The delivery of social value is rightfully becoming a key component in business strategies across sectors, challenging traditional approaches where economic goals are the primary drivers behind business activity.
The creation of social value, in its most general sense, is the conscious effort on the part of a business to deliver outcomes that benefit society – whether that be social, economic, or environmental.
Recognized as the most visible industry, construction is uniquely positioned to generate long-term public benefit and improve wellbeing as processes are conducted in the public sphere, and the final product directly impacts the way we live, move, and work.
As the construction industry and its negative impacts remain central to current debates on global sustainable development, it is clear that the industry is perceived as having the capability to deliver projects more sustainably.
With the intensified spotlight on the industry, our social value series will demonstrate that accounting for social value, now more than ever, should be a priority.
Social Value Act
The 2012 Social Value Act (SVA) instigated engagement with social value as a formal concept, specifically in the UK.
As outlined by the UK Green Building Council (UKGBC), the SVA essentially places a responsibility on relevant public sector organizations to consider social value in service contracts, or where there is a service element in goods or works contracts.1
In other words, to win a public sector development contract, organizations must demonstrate a commitment to delivering additional outcomes that benefit society.
Although it has, justifiably, been described as “a work of persuasion” rather than an official implementation strategy, the SVA has been successful in changing the business landscape even beyond the public sector and, in the absence of international standards, has global applicability.
As noted by McKinsey, society’s expectations for business are increasing, and as demands from stakeholders for social accountability rise, so will the demands on business leaders. 2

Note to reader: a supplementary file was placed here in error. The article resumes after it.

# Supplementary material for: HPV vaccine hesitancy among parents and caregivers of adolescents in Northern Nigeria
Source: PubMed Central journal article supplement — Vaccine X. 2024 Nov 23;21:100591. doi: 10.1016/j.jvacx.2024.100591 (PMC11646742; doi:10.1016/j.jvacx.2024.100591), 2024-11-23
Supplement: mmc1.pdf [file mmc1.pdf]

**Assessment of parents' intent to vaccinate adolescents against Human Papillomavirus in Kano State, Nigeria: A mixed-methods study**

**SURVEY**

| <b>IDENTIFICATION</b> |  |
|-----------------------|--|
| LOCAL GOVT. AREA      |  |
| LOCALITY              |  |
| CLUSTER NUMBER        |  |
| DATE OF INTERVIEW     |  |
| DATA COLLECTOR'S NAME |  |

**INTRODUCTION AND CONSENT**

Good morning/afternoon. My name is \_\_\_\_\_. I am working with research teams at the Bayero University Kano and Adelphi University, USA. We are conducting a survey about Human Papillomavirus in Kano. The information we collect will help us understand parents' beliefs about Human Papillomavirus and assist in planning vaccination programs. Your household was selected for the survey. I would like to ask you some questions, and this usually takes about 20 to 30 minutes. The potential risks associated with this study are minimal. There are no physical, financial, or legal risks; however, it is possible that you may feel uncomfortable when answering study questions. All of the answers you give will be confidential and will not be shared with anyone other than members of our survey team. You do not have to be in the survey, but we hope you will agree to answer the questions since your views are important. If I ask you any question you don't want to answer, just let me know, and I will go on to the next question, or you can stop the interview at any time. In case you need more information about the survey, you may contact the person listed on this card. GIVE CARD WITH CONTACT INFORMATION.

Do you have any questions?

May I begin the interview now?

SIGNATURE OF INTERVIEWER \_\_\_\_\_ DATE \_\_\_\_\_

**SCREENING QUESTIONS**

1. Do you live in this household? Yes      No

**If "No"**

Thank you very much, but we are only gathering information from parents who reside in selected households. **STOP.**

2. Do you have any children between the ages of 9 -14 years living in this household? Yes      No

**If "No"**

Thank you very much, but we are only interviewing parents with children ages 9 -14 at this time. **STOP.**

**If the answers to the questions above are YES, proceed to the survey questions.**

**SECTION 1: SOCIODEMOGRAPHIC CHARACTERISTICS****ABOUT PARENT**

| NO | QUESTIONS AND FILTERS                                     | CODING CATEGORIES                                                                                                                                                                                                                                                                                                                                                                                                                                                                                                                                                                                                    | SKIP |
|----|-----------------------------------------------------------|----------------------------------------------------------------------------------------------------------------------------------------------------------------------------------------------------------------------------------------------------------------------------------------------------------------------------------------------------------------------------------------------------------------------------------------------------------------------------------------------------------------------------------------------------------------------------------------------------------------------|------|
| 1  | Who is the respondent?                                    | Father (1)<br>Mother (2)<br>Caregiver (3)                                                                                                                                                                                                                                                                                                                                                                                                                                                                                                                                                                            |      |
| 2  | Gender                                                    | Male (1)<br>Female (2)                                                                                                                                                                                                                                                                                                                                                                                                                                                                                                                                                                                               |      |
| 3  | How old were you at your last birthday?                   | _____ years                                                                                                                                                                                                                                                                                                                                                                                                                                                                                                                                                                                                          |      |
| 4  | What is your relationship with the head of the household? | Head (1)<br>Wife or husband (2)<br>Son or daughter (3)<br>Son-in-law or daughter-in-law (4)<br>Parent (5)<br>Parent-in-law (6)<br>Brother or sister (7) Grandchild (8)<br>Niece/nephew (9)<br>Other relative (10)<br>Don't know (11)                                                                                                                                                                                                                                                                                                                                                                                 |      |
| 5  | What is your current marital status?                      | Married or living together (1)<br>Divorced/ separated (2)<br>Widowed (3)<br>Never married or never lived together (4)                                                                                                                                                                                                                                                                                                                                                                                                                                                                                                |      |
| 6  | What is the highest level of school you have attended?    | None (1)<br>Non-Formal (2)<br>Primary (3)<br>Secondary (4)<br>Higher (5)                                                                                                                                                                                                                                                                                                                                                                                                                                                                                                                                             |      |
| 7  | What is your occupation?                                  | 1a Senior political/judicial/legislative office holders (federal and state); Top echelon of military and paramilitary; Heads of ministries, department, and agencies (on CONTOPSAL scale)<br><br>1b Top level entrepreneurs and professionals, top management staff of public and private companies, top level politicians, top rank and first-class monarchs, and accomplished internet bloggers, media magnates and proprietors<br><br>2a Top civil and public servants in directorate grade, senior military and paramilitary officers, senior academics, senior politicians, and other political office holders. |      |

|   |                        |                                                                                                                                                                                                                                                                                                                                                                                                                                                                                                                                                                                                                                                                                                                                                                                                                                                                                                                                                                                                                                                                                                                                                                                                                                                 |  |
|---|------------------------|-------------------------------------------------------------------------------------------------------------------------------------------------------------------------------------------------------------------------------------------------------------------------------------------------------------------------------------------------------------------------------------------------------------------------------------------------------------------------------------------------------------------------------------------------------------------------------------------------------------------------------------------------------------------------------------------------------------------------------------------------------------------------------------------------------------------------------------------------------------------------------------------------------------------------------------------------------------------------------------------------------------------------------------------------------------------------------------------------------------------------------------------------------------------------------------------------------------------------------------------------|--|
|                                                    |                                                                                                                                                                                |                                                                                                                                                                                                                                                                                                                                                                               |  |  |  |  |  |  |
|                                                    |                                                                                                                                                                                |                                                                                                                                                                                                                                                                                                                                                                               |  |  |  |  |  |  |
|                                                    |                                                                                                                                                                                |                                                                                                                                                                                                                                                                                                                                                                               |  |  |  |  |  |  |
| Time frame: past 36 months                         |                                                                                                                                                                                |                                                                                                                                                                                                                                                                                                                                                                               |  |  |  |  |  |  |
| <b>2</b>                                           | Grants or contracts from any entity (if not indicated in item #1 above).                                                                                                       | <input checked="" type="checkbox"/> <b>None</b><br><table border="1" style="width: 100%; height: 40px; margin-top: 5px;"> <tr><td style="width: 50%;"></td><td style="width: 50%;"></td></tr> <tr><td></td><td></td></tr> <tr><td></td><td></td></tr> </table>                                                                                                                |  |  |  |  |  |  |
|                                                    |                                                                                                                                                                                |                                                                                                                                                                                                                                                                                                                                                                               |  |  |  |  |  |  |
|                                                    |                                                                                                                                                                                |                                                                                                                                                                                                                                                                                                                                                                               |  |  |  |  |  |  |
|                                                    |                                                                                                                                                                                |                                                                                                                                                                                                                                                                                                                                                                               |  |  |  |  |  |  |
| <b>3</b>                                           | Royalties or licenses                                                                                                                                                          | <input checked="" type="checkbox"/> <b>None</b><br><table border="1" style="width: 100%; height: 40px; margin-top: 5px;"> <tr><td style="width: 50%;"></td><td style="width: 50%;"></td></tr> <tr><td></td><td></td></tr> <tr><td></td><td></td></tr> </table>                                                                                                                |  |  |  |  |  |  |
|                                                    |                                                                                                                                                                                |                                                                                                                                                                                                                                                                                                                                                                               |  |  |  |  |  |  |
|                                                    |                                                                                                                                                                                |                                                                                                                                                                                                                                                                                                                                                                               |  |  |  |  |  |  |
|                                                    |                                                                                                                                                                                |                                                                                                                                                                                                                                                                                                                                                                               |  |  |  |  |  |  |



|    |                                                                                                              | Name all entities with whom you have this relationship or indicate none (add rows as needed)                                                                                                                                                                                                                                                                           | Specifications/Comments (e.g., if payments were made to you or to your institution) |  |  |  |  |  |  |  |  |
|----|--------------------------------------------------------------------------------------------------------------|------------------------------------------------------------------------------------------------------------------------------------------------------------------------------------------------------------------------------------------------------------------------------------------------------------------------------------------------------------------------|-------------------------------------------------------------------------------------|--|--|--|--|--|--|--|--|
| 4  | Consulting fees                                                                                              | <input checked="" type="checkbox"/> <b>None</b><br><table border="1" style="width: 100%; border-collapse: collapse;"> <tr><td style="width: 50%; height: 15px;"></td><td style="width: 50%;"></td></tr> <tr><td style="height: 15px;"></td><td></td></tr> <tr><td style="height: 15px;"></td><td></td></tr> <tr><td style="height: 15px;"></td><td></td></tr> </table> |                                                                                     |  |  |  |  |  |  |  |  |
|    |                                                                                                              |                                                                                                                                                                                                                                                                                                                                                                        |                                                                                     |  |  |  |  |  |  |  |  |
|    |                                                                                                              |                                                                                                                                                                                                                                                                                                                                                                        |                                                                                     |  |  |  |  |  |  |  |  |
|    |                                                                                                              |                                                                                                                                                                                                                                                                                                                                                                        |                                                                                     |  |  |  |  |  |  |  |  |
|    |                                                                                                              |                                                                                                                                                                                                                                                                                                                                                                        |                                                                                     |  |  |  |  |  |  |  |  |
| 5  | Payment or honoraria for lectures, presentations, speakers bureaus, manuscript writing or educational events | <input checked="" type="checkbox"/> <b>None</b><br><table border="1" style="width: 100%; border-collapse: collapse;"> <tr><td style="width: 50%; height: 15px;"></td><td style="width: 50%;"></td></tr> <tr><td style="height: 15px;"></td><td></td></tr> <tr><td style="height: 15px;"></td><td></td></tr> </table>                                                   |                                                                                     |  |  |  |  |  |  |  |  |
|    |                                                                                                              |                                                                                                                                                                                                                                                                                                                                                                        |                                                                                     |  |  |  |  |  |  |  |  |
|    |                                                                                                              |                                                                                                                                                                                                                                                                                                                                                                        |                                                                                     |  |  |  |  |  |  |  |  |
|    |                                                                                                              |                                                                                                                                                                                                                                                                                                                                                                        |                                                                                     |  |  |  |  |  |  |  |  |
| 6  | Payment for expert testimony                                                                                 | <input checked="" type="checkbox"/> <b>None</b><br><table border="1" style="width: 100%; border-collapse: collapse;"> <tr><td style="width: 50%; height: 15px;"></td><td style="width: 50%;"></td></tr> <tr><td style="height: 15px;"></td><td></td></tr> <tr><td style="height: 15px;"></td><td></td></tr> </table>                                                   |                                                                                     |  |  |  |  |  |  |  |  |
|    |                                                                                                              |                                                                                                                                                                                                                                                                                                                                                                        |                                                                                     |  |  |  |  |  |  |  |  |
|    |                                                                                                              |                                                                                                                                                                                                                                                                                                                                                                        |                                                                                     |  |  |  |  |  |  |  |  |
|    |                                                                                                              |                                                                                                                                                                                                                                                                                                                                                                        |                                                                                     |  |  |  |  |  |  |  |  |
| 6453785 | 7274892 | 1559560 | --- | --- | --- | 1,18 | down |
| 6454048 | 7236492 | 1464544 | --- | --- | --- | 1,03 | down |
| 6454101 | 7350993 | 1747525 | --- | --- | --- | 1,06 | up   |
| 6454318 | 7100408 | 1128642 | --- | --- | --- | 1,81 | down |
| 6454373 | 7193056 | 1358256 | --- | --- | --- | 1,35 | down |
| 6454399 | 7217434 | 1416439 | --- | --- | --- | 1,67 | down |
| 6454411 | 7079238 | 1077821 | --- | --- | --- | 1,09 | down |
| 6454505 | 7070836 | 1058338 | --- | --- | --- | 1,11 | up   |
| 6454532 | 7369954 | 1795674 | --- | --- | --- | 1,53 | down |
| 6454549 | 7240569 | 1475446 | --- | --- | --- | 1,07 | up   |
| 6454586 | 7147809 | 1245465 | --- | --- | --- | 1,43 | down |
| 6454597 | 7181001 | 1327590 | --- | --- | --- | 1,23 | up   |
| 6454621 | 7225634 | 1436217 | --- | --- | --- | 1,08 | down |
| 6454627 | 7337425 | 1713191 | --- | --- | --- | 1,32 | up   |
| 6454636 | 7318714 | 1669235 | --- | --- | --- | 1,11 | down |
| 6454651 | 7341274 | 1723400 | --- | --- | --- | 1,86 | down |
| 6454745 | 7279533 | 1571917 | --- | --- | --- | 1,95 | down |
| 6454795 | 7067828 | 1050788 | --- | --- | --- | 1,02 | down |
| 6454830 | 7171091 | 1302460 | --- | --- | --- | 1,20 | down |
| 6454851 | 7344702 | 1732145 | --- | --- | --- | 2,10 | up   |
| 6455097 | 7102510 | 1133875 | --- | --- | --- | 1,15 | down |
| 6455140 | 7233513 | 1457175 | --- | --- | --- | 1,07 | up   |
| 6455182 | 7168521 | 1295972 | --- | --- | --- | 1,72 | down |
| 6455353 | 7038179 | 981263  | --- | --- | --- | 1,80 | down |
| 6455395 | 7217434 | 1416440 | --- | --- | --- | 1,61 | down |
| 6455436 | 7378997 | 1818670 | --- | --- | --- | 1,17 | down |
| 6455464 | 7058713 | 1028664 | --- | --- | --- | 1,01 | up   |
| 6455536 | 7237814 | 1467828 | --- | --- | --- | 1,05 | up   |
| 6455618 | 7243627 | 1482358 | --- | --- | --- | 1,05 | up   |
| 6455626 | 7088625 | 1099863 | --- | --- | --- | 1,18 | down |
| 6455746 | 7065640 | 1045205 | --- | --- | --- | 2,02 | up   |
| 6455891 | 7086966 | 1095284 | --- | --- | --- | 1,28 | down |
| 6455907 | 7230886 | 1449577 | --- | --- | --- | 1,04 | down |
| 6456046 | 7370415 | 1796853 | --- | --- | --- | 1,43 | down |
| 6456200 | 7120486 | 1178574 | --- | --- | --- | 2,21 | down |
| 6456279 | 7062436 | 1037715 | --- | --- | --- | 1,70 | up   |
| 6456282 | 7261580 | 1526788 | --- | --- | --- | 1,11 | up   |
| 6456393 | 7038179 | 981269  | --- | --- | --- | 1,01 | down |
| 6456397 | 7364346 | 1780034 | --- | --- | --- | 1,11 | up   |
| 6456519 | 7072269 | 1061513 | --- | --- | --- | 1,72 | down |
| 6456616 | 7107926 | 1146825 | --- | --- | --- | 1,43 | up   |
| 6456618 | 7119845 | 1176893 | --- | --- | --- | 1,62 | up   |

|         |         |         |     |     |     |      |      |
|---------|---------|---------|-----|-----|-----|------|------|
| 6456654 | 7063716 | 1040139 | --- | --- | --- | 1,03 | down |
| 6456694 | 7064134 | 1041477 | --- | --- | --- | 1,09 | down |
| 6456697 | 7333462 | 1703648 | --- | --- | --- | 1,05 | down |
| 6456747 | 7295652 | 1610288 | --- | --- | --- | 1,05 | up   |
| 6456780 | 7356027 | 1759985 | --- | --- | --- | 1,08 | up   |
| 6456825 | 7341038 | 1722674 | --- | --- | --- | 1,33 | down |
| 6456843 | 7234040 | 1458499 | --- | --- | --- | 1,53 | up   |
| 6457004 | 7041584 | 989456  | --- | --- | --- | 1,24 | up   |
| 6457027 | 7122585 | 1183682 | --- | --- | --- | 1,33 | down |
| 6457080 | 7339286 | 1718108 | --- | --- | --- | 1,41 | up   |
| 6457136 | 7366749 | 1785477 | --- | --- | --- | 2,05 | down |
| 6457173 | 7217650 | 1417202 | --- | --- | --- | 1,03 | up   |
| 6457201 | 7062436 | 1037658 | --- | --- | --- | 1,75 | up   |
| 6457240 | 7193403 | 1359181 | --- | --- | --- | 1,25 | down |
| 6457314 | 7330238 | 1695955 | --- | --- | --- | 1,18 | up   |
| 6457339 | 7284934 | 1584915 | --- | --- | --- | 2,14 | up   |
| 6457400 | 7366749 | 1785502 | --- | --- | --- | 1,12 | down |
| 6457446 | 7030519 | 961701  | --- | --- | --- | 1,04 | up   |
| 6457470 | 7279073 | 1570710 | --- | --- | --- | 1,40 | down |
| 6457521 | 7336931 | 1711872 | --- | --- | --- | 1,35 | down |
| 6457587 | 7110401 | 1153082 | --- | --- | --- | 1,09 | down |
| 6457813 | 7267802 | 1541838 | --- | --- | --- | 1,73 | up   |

Accordingly, there is a growing awareness among organizations that they need more defined social, environmental, and sustainability goals, and meaningful engagement with social issues is now a bottom-line business imperative.
Social Value in Practice
The AEC sector has significant capacity to create social value and deliver a wide range of additional outcomes throughout a project lifecycle and beyond.
The importance of different outcomes will, of course, be relative. However, the UKGBC organizes outcomes under three broad themes: jobs and economic growth; health, wellbeing and the environment; and strength of community.
In this respect, outcomes can range from training and employing long-term unemployed people and supporting local businesses, to creating thriving social networks and reducing air pollution.
Additionally, ‘Building Social Value’, a resource from the Considerate Constructors Scheme, makes the point that social value must be aligned with the specific needs of the local community.3
Laing O’Rourke, for example, is coordinating the clean-up recovery efforts in New South Wales following the recent bushfires across the state. The construction company will work with local subcontractors and small businesses to ensure they are engaged in the delivery of the clean-up process – providing much-needed stimulus to local economies.
In essence, defining what social value actually means contextually is the first step towards delivering and evidencing such value. Nevertheless, the question still stands – is there still a need to more concisely define what social value is?
Measuring Social Value